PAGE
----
Cool Things: Soulminder

Timothy Zahn is the king of well crafted scifi thrillers, specializing in space opera. But in Soulminder he outdoes himself twice.

The premise – Dr. Adrian Sommers looses his five year old son in a car accident. For years he lapses into obsession, convinced that with the right technique his son’s body could have been healed. Finally he perfects the Soulminder, a device to that hangs on to the human soul long enough to let modern medicine repair the body intended to host it so the soul can be returned. A new medical procedure capable of saving thousands of lives has been created. And with it comes problems. So very, very many problems. The first comes when a man who’s soul is in a Soulminder is declared dead and malicious parties try to have the body cremated. And the cases only get more bizarre from there.

Zahn is always at his best when there’s scheming and clever tricks to be played and the concept of the Soulminder gives him an incredible new set of gambits to make. Soulminder is episodic, with each chapter covering a new problem Soulminder causes Dr. Sommers, his clients and frequently, the legal systems of the countries where Soulminder Inc. is operating. While the ideas are interesting and each new problem is handled in a clever way, many of the problems Zahn presents us with are frankly disturbing, not only in what they do to the people trapped in them but how realistic they sound. If a Soulminder trap were to be created in the modern day, these are exactly the kinds of things we could probably expect to happen as a result.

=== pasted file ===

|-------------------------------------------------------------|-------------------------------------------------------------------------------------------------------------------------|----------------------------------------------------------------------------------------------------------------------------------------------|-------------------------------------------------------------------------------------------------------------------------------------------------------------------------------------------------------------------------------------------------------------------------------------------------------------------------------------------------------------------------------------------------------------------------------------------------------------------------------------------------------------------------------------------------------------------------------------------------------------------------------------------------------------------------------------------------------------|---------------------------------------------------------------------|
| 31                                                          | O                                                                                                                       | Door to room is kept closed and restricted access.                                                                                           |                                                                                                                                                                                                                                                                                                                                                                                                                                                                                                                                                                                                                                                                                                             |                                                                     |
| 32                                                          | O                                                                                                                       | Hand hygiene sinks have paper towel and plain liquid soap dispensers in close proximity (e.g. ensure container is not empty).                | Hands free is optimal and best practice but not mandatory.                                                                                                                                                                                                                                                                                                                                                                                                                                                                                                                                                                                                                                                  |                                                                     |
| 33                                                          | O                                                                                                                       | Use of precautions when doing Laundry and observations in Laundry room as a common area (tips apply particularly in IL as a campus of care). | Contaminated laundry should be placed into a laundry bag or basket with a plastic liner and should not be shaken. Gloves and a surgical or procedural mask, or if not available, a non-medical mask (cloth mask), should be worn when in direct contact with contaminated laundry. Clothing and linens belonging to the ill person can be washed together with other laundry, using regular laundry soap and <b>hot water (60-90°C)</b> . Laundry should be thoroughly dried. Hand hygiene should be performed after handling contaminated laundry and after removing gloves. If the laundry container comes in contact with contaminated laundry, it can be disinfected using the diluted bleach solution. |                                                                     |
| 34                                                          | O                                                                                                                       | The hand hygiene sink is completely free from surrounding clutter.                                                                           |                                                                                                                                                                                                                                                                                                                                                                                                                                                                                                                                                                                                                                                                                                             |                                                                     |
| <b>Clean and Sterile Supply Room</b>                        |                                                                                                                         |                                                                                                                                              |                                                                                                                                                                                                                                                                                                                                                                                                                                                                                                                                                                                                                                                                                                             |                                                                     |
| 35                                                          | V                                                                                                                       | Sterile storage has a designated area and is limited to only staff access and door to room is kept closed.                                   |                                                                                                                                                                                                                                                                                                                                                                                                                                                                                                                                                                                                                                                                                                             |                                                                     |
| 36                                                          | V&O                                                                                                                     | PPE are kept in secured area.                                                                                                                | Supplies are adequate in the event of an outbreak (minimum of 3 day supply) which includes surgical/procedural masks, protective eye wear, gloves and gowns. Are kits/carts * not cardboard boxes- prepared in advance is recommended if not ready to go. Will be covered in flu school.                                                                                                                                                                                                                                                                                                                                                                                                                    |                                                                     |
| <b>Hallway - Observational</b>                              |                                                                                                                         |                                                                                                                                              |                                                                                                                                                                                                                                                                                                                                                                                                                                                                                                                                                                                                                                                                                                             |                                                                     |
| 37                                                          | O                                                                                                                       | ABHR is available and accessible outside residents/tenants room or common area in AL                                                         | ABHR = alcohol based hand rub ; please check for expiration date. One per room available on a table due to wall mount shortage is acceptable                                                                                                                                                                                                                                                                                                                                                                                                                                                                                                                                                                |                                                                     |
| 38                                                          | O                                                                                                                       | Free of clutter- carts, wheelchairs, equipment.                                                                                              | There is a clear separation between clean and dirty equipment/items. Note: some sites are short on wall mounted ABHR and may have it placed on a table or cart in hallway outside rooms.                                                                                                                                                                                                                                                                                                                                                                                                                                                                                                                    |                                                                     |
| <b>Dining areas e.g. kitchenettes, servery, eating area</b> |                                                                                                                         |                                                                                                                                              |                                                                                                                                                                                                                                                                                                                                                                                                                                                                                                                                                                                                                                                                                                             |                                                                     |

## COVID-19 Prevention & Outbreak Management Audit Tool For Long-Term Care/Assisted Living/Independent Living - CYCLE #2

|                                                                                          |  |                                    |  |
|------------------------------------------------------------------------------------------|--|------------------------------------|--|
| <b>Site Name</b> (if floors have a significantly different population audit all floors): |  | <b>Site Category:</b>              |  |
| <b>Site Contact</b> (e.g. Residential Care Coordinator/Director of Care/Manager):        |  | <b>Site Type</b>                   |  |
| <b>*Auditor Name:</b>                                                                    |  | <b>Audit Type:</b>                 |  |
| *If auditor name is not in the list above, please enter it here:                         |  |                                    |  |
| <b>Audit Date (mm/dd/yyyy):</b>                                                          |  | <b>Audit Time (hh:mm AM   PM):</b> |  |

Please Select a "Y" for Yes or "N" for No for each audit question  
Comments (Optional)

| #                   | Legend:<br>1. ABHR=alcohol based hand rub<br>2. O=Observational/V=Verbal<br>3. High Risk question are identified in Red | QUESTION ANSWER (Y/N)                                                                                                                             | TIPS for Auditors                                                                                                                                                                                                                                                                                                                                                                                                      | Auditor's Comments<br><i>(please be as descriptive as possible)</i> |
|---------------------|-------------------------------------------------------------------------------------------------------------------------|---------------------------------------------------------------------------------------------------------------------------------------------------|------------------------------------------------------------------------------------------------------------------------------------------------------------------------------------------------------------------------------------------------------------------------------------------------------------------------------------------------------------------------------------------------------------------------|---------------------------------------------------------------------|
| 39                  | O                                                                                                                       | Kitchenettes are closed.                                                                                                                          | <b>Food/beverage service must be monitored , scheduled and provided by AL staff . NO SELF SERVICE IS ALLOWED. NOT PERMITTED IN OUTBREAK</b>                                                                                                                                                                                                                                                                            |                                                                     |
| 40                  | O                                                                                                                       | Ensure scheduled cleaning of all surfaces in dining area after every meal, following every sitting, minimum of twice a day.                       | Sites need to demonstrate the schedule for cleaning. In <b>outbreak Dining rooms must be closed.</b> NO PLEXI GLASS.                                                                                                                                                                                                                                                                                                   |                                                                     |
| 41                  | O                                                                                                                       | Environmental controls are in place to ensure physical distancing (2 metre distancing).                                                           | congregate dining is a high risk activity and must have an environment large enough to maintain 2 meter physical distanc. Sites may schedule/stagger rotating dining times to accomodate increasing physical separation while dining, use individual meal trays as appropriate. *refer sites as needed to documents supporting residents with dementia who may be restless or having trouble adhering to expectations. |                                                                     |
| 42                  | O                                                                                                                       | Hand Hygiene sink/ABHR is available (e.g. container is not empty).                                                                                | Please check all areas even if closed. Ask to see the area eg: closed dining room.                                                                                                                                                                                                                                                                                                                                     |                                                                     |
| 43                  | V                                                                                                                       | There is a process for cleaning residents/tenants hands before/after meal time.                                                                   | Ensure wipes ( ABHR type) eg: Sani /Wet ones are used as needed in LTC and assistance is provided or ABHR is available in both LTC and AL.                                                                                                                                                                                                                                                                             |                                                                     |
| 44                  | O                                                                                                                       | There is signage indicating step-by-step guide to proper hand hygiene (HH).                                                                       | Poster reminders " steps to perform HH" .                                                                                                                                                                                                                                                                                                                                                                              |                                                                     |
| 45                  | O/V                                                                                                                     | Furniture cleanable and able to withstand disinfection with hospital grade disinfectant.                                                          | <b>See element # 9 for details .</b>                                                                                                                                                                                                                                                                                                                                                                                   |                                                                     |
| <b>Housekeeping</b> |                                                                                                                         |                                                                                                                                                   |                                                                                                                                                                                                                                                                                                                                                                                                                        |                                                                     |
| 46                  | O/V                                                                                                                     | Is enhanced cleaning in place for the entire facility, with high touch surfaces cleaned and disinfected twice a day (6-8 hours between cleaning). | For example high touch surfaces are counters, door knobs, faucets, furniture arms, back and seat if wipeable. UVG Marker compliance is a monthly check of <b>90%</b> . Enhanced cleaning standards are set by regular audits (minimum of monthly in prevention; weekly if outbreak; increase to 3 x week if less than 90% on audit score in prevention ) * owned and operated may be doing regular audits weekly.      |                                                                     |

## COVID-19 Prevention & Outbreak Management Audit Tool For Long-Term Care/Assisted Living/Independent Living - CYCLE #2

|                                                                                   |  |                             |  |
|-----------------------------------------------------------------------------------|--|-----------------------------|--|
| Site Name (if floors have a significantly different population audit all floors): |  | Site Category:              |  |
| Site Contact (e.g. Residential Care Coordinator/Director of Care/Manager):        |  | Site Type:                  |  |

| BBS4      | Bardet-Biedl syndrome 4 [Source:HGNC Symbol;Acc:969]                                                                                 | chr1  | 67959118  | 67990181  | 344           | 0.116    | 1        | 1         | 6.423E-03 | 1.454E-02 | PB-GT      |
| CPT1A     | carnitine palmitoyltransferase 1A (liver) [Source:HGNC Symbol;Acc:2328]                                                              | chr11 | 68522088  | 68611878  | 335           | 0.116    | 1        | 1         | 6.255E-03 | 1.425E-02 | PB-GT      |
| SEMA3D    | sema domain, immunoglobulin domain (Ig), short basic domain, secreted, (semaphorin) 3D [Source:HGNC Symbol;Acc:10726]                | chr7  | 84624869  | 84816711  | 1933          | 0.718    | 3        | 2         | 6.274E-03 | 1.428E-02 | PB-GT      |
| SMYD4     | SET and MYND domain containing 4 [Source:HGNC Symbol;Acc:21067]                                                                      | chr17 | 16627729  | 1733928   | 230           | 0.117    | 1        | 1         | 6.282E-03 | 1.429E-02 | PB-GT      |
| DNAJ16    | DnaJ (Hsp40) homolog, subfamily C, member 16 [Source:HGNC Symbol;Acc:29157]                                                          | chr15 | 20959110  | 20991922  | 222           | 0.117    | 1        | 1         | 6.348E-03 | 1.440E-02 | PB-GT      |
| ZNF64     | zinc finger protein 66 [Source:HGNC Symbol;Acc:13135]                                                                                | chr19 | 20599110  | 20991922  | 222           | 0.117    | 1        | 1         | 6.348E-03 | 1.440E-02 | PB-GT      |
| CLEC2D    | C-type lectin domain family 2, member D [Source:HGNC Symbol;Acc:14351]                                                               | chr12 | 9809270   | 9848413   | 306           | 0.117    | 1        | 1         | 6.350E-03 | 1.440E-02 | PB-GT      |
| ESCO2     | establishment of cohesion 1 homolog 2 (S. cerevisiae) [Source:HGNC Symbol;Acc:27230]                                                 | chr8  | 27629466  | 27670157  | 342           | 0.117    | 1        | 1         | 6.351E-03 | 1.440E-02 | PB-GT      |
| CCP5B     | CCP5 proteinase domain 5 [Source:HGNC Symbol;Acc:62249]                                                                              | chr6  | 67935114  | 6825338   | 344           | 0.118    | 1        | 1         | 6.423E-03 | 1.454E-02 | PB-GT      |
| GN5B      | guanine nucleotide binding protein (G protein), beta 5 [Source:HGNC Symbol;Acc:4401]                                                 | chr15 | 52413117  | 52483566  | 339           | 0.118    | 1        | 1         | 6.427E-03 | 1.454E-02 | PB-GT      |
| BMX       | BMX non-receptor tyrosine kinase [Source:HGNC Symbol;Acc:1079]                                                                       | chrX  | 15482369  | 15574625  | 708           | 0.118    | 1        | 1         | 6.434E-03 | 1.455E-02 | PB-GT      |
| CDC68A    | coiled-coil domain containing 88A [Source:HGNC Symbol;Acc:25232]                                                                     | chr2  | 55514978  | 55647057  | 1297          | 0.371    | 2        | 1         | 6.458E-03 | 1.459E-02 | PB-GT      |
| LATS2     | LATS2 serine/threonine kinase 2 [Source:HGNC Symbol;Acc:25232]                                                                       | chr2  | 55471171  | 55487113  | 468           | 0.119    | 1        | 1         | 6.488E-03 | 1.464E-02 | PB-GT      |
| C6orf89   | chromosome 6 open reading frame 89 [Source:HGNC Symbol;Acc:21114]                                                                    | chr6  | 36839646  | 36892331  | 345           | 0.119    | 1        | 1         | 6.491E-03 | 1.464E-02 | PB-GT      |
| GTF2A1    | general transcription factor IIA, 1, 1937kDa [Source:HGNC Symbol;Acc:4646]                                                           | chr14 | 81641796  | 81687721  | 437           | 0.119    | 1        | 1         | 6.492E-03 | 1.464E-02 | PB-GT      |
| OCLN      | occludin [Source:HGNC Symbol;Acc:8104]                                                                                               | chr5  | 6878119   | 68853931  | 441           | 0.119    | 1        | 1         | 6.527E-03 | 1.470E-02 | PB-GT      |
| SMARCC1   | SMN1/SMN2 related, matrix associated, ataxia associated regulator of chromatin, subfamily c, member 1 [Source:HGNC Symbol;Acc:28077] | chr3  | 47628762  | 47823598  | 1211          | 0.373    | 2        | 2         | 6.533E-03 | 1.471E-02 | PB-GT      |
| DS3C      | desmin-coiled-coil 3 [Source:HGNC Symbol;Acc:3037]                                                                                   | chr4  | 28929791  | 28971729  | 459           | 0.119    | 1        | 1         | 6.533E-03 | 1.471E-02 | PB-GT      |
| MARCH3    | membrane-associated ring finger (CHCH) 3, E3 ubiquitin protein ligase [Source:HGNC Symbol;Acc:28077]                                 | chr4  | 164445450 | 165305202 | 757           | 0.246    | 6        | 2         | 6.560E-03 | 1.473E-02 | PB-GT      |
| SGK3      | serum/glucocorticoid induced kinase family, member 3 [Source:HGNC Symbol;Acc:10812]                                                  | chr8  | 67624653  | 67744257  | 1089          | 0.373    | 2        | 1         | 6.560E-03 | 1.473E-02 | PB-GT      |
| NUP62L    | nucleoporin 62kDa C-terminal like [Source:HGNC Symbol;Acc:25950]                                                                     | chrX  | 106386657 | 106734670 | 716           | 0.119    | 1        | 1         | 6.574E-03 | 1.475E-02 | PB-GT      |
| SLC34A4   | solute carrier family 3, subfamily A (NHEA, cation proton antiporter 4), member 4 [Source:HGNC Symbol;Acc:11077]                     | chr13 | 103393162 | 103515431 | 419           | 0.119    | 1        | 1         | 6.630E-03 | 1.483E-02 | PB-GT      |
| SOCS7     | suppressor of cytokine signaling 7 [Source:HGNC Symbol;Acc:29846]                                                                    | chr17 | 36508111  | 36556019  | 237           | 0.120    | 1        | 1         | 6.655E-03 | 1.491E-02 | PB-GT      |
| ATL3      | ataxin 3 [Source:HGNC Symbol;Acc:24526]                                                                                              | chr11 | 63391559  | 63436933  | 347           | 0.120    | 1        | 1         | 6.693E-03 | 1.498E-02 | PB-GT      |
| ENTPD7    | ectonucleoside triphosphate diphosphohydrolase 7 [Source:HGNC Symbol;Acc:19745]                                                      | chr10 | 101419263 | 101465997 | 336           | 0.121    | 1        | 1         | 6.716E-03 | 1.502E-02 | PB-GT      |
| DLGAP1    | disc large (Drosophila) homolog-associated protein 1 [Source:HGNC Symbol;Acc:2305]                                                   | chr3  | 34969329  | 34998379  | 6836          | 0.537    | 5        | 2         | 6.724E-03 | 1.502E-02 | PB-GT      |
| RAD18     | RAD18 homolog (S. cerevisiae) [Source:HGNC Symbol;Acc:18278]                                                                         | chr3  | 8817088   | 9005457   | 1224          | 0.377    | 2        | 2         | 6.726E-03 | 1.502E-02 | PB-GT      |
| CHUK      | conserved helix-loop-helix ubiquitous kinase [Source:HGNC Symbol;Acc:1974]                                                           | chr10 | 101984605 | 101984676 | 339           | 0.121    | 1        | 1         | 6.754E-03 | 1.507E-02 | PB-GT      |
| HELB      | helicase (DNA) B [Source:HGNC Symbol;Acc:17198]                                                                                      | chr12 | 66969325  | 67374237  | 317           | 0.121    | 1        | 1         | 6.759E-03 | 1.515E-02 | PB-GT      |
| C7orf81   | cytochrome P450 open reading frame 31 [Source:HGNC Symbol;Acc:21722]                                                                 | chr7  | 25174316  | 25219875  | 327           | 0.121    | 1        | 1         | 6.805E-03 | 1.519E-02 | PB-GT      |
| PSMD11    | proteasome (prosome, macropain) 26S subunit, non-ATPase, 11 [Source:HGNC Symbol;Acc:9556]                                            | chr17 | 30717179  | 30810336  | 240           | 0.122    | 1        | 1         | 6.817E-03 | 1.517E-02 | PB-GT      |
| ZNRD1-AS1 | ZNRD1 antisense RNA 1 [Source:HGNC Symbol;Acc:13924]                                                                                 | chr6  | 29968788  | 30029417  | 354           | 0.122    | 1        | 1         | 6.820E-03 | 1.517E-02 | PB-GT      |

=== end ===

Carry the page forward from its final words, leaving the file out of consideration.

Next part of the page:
On the other hand, Zahn also approaches this new technology with a clear understanding of the need for moral oversight. In fact, the second chapter of the book deals extensively with how religious leaders and other sources of moral oversight might react to something like Soulminder and, in a refreshing change from the way such figures are normally treated in scifi, even Sommers’ most strident critics are treated fairly and respectfully, with the understanding that they are also doing their best to deal fairly with strange, new technologies. In fact, for the fairness and clear understanding Zahn shows to his religious characters alone this book is a stand-out among scifi today and worth your reading.

Sommers tries his best to ethically use his technology but ultimately others have to be involved and the problems just keep multiplying. That leads to his ultimate solution which, while interesting, does disturb me to a certain degree. I’m not sure if Zahn was trying to make a point with it or not, and I don’t think there really was a better solution for the problems Sommers faced, but I have to admit on reflection it’s uncomfortably close to an endorsement of suicide. I don’t think that’s what Zahn meant by it, I may just be overanalyzing it and in the context of Soulminder, a technology that’s more fantasy than true prediction of the future in my opinion, it may be the only right solution. It’s the only thing keeping me from recommending this book to anyone and everyone who loves good thrillers.

But still, that small caveat aside, it’s a good book. If you don’t mind reading about the darker things man can do with technology and trying to work out whether the solutions we find to those problems are correct, Soulminder is the book for you.